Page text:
Still, MyMD is figuring that giving away videoconferencing hardware is a quick way to get physicians to use it, as well as, of course, make a profit for the company in the process.
MyMD will initially give iBook laptop computers and iSight Web cameras from Apple Computer Inc. to 1,000 or 25% of the 4,000 doctors in all 50 states who now do online consultations via instant messaging software, telephone, or both, using the company's Web site and technology. However, physicians will have to pay for broadband connection.
If patients have a Macintosh computer, they can buy an iSight for $130. Windows computer owners can use American Online's free AOL Instant Messenger program and buy a Web camera that costs as little as $30, Chalkley said. The Windows system will work with MyMD's system but the quality of the resolution will not be as good, he said.
MyMD is a middleman that offers technology and services that enable patients and doctors to do online consultations in real time but does not itself practice medicine, Chalkley said.
Over the years, several online consultation companies have taken the same position.
Some, including Medem, which is partly owned by the AMA, and RelayHealth Corp. based in Emeryville, Calif., have not encountered any legal problems because they facilitate consultations between doctors and established patients.
MyMD has patients visit the office of a company-affiliated physician for a full physical before allowing online interaction.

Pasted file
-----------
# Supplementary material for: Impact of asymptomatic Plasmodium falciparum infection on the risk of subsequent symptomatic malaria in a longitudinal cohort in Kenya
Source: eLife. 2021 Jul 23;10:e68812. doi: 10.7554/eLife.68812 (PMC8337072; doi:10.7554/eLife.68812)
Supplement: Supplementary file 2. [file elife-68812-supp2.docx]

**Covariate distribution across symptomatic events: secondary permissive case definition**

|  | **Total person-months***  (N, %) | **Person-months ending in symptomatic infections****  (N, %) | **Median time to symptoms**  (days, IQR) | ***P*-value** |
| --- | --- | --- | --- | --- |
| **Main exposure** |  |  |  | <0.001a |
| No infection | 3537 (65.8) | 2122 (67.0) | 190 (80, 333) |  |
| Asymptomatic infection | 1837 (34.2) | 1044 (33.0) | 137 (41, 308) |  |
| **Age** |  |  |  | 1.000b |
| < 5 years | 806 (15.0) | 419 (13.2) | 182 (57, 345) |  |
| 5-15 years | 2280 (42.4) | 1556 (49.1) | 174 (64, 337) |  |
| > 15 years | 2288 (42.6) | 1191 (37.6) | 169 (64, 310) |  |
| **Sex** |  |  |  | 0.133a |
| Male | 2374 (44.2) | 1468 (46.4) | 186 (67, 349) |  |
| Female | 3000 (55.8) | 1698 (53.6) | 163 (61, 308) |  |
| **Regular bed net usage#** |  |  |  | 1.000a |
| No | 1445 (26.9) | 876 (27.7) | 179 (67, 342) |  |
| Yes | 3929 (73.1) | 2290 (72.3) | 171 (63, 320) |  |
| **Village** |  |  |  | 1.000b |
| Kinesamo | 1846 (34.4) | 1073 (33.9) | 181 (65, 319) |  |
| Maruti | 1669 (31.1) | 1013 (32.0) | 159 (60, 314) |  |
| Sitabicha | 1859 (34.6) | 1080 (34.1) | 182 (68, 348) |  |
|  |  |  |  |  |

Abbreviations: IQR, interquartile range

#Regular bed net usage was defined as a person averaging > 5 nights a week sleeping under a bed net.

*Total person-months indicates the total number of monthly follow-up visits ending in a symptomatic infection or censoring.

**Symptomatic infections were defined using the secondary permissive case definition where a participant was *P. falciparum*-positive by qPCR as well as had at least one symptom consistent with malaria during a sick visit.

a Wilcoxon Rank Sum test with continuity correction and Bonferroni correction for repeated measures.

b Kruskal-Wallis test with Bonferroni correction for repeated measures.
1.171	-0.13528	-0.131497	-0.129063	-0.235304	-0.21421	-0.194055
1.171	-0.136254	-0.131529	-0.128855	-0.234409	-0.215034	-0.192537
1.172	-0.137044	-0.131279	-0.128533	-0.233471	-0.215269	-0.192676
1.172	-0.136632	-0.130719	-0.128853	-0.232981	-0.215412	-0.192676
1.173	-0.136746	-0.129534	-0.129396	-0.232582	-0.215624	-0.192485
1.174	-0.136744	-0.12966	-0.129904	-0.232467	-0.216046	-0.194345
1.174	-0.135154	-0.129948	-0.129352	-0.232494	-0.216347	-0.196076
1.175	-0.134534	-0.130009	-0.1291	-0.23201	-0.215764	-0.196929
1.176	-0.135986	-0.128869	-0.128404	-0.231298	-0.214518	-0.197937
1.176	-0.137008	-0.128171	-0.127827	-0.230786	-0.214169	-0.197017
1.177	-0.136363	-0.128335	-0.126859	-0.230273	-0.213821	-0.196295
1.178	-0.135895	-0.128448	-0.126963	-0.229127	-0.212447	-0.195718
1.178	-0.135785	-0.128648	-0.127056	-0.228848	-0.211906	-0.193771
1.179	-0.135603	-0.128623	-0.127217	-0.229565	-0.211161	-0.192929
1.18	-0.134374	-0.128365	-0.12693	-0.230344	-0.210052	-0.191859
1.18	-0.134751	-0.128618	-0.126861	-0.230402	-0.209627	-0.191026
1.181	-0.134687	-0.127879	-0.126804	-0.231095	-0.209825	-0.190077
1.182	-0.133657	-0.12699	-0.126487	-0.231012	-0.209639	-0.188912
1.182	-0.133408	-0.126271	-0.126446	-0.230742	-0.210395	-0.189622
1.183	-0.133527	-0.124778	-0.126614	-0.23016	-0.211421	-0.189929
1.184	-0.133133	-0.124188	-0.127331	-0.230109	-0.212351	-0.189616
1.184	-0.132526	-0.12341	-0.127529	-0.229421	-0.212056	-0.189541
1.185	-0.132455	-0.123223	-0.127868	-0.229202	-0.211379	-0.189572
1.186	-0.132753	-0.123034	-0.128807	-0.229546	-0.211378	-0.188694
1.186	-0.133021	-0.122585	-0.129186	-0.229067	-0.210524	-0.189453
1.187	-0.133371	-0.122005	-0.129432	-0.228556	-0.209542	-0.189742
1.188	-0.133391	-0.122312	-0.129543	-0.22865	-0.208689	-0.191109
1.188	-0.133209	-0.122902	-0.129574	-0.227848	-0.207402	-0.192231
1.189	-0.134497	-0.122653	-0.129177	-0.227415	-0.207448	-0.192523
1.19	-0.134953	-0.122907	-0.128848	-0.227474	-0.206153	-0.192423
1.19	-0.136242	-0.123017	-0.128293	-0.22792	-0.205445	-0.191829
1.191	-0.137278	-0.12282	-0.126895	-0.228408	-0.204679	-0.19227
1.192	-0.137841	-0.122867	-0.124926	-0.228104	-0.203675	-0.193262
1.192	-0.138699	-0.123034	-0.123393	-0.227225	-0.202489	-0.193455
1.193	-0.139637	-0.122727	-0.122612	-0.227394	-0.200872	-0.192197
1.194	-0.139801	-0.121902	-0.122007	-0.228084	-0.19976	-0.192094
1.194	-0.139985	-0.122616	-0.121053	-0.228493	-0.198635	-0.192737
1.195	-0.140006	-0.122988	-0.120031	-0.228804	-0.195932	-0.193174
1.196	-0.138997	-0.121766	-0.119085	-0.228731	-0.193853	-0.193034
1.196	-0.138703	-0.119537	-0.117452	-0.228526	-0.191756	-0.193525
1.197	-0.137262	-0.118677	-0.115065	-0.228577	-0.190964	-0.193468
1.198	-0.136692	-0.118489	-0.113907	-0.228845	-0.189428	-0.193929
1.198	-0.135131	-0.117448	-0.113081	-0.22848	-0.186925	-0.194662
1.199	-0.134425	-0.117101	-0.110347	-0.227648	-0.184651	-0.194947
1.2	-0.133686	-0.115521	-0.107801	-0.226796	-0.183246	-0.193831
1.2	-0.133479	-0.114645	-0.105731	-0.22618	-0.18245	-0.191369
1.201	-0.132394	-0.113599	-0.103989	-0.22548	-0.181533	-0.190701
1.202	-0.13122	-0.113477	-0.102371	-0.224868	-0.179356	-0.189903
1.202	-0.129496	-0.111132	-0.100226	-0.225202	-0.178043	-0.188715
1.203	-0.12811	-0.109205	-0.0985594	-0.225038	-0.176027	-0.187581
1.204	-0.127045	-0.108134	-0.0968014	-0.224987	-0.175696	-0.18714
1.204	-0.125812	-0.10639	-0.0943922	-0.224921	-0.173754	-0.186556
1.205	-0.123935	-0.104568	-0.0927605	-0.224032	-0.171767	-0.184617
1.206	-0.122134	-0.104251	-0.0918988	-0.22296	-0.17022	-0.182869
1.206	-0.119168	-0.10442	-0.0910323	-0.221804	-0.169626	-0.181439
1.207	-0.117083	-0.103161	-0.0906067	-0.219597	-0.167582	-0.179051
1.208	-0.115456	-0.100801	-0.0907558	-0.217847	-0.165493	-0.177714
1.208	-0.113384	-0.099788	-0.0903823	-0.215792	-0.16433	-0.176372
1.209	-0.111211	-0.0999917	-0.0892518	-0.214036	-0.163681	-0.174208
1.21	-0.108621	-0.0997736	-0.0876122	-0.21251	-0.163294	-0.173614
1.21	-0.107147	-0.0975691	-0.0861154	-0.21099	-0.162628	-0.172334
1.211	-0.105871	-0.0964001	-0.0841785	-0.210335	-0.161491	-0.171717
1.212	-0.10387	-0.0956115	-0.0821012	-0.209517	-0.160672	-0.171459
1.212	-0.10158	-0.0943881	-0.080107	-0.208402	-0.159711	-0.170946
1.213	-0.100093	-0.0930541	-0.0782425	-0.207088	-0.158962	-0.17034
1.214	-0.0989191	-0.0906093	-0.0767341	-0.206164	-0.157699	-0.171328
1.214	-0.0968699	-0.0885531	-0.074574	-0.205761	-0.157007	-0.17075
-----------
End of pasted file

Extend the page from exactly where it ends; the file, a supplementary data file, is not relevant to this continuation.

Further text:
Sight for sore eyes
When patients access MyMD's services, they must enter a user ID and password. MyMD's system checks its database and automatically routes them to doctors licensed to practice where patients reside. If patients are traveling outside their state, the system will recognize that the Internet protocol address is in a different state and flag the physician handling the online consultation, Chalkley said. Doctors who sign up with MyMD are directed during their training to transfer those calls to physicians licensed wherever the patient is physically at at that time, Chalkley said.
MyMD charges patients $3.99 per minute. Of that, $2 goes to the physician and the remainder goes to MyMD and Ingenio Inc., a San Francisco-based technology partner.
Family physician James Criner, MD, said his two-doctor Atlanta-based concierge practice signed up with MyMD in February because it already offers its patients e-mail consultations via technology from RelayHealth and wants to determine whether to offer videoconferencing as well. Dr. Criner said he believes videoconferencing will help him deliver better care because he will be able to see patients' eyes and facial expressions as he communicates with them over the phone or through instant messaging.
Some professional liability insurance carriers would not say whether their policies cover telemedicine consultations, saying that they would take up the issue when it arises on a case-by-case basis.
"We haven't seen an underwriting application on that [from a physician] so I really wouldn't want to even speculate," said Frank O'Neal, a spokesman for ProAssurance Co., Birmingham, Ala.